It is inevitable. We will all run into a point in our yoga practice where more does not equal better results. My first experience of this, and probably yours, occurred in college economics and it is called the law of diminishing returns.
The law of diminishing returns (also law of diminishing marginal returns or law of increasing relative cost) states that in all productive processes, adding more of one factor of production, while holding all others constant ("ceteris paribus"), will at some point yield lower per-unit returns-Wikipedia
This is not just true for economics but can also be applied to the actions we take in our daily life. If you eat one piece of cake, you feel satiated. If you eat the whole cake you feel sick. If you work 15 hour days for a short period of time, you get alot done and are extremely productive. If you work them every day for an extended period, you get burned out and the quality of your work goes down.
The same goes for our yoga practice. There comes a time when practicing more often, adding more heat, and upping the intensity actually results in diminishing returns.
As yogis, we have to develop the ability to be present with what is going on with our bodies and totally acknowledge whether we are in the rapid growth, moderate growth, sustaining or diminishings point of our physical practice and practice accordingly.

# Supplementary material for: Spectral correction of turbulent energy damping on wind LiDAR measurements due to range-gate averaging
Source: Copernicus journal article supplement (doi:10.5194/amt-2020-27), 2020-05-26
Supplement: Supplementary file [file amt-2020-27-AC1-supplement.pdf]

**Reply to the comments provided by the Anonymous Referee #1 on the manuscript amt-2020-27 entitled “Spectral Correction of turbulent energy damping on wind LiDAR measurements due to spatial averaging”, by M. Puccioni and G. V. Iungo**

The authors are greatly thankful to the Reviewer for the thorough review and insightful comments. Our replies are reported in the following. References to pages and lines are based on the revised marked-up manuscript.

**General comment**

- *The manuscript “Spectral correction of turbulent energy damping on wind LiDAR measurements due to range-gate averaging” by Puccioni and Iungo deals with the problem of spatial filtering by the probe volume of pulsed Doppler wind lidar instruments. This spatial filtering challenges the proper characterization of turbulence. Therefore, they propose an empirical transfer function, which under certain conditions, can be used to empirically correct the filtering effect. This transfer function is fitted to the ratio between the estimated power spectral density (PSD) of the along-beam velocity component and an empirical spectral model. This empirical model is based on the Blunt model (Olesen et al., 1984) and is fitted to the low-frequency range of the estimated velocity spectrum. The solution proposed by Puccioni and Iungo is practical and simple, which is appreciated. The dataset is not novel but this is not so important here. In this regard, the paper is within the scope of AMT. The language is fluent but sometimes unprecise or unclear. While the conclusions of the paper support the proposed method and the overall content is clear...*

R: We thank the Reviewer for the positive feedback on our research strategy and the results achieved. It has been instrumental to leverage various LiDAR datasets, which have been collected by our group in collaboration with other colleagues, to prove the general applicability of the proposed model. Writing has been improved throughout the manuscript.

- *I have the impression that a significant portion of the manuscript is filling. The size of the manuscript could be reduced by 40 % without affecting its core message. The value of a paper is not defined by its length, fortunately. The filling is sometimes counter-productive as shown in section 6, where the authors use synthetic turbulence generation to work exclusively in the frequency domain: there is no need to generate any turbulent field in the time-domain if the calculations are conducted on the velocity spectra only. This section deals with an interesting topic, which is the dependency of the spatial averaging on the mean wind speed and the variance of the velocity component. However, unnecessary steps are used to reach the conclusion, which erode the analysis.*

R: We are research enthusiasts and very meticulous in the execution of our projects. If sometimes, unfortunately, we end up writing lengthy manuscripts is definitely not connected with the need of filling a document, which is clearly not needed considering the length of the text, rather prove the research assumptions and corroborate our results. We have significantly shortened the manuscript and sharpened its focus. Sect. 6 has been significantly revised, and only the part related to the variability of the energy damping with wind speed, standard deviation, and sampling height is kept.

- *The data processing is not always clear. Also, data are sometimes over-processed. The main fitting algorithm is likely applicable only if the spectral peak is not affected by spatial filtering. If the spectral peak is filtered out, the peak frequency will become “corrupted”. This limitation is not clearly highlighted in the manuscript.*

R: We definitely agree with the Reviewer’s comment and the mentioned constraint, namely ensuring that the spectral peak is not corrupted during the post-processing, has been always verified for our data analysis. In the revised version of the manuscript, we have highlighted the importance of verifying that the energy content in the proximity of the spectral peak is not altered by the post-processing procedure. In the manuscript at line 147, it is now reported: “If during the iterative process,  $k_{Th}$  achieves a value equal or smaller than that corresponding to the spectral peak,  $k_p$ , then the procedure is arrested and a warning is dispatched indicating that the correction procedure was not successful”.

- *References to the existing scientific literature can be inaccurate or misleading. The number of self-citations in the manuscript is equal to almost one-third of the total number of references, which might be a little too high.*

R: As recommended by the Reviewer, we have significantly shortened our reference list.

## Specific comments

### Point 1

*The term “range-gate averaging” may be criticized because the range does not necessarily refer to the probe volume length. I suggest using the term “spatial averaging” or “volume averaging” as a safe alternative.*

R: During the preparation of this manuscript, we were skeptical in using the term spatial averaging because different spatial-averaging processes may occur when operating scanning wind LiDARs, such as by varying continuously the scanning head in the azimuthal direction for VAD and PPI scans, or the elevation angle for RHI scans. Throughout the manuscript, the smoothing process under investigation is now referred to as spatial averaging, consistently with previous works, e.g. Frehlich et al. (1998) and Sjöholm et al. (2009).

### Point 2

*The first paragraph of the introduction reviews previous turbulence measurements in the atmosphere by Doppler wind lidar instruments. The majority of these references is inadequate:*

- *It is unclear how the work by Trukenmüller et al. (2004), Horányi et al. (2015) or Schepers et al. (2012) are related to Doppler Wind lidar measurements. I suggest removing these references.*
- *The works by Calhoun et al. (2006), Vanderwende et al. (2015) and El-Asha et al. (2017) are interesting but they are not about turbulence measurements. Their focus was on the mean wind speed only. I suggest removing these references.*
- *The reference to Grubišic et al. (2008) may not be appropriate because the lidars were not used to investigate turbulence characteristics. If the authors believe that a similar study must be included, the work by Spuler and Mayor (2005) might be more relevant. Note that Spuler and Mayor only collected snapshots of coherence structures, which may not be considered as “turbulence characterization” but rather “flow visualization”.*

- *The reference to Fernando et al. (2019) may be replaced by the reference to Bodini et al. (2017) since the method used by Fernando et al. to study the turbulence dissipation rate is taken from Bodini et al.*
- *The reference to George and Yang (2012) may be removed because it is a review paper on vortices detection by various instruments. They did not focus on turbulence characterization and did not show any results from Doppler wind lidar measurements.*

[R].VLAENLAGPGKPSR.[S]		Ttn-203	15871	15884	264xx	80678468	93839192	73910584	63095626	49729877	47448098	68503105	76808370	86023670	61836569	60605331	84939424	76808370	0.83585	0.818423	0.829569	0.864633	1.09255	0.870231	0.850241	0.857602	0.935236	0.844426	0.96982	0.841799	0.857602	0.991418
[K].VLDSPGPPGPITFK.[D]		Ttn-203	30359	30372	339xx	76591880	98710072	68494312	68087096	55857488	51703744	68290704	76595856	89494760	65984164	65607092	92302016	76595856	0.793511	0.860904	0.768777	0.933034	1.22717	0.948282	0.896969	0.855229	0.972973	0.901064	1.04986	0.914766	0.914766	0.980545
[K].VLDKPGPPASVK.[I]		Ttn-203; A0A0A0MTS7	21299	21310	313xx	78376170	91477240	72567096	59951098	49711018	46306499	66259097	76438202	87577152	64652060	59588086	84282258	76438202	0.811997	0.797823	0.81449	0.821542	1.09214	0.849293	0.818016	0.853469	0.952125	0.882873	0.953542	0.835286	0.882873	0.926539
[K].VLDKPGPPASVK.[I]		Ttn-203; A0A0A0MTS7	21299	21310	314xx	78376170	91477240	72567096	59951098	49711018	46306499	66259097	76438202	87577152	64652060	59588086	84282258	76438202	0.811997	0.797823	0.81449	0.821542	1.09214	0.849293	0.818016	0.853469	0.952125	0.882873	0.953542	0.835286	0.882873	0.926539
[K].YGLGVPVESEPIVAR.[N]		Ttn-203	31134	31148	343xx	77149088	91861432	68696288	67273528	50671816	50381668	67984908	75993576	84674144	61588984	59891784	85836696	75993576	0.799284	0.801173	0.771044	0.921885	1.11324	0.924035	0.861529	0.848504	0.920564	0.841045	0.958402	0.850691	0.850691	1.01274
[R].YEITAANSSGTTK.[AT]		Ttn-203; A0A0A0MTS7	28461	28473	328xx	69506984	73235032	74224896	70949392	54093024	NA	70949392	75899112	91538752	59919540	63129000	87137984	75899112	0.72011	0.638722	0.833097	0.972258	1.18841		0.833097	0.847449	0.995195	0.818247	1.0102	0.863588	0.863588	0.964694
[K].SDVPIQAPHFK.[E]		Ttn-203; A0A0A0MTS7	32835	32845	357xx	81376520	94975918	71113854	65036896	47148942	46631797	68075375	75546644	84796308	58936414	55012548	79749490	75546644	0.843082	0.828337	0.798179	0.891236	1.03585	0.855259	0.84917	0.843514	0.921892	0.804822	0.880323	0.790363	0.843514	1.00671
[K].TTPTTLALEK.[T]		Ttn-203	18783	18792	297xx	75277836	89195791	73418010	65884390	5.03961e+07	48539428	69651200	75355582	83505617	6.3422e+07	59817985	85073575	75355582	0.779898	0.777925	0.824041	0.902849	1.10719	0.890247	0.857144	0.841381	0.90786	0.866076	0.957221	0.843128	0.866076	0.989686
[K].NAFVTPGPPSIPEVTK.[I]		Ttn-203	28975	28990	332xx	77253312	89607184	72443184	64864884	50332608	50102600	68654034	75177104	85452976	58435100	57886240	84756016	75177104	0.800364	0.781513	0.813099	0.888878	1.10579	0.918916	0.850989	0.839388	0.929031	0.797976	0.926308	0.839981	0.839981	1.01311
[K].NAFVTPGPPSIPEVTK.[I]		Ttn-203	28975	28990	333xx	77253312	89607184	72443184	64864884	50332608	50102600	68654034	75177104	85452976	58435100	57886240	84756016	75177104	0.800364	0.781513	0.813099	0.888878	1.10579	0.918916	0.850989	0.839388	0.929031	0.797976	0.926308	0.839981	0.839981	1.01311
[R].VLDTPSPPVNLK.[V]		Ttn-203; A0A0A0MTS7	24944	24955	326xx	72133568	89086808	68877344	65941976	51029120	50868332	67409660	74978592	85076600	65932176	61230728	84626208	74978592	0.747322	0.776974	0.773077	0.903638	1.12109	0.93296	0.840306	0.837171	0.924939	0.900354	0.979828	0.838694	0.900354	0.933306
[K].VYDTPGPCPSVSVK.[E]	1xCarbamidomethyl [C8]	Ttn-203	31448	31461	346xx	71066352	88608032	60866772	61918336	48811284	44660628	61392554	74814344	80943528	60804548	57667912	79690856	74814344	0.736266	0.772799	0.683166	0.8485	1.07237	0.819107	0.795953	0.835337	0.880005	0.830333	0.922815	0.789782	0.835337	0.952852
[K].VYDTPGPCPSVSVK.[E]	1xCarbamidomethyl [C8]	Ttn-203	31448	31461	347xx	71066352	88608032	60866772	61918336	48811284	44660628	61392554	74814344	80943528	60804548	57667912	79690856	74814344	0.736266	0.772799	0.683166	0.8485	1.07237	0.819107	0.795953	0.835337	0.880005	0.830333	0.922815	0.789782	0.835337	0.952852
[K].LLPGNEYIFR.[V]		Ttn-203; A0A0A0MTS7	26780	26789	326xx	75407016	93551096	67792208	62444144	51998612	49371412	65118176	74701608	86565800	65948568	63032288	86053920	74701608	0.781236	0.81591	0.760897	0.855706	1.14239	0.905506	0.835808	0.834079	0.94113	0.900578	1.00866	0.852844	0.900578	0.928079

Rapid Growth Phase- Your body takes a licking and keeps on ticking so you can possibly practice multiple times a day without problems. You havn't really reached your edge yet so injuries are not as common. Almost every class and practice is full of aha moments.You are building your book of knowledge and you always come away with new things to add to your practice. This is a good time to "go hard".
Moderate Growth Phase-You have a firm foundation in physical yoga. You understand your body and its edge. Regular classes don't really provide you with new information or advance your practice. This is a good time to seek out senior teachers , attend workshops and cultivate a strong home practice so they you can play with advanced poses on your own time. Recovery time is critical because you are already working at your edge during every single practice so the muscles need time to rest. Injuries are more common because you are already at your edge and it does not take much to push you over. To keep injuries at bay, it is better to work smart instead of just hard.
Sustainability Phase-You are a book of knowledge on physical yoga and you have reached most, if not all of your physical yoga goals. You purposely make a choice to practice in a moderate fashion on most days and push yourself every now and then when it suits you. You are at the point where doing more does not bring you better results. The body has been pushed to its limit. Injuries sustained during this period take a long time to heal. Recovery time is even more critical. It is best to conserve your energy for the few poses and skills that you still have not mastered. Your yoga practice has now hit a sweet spot where poses that are difficult to others, actually come easy to you. You have worked hard and you can enjoy coasting along on that hard work. Your practice should feel effortless.
Diminishing Phase- This is a time for innovation. What you are doing now, is no longer effective or maybe even necessary. It is time to reevaluate what is important in life and how you want to see the rest of it unfold. The internal effects of the yoga practice should have taken hold and you should be ready to embark on a new journey. What you do physically is all about preserving the basic functions you need to live a good life and to focus on higher pursuits.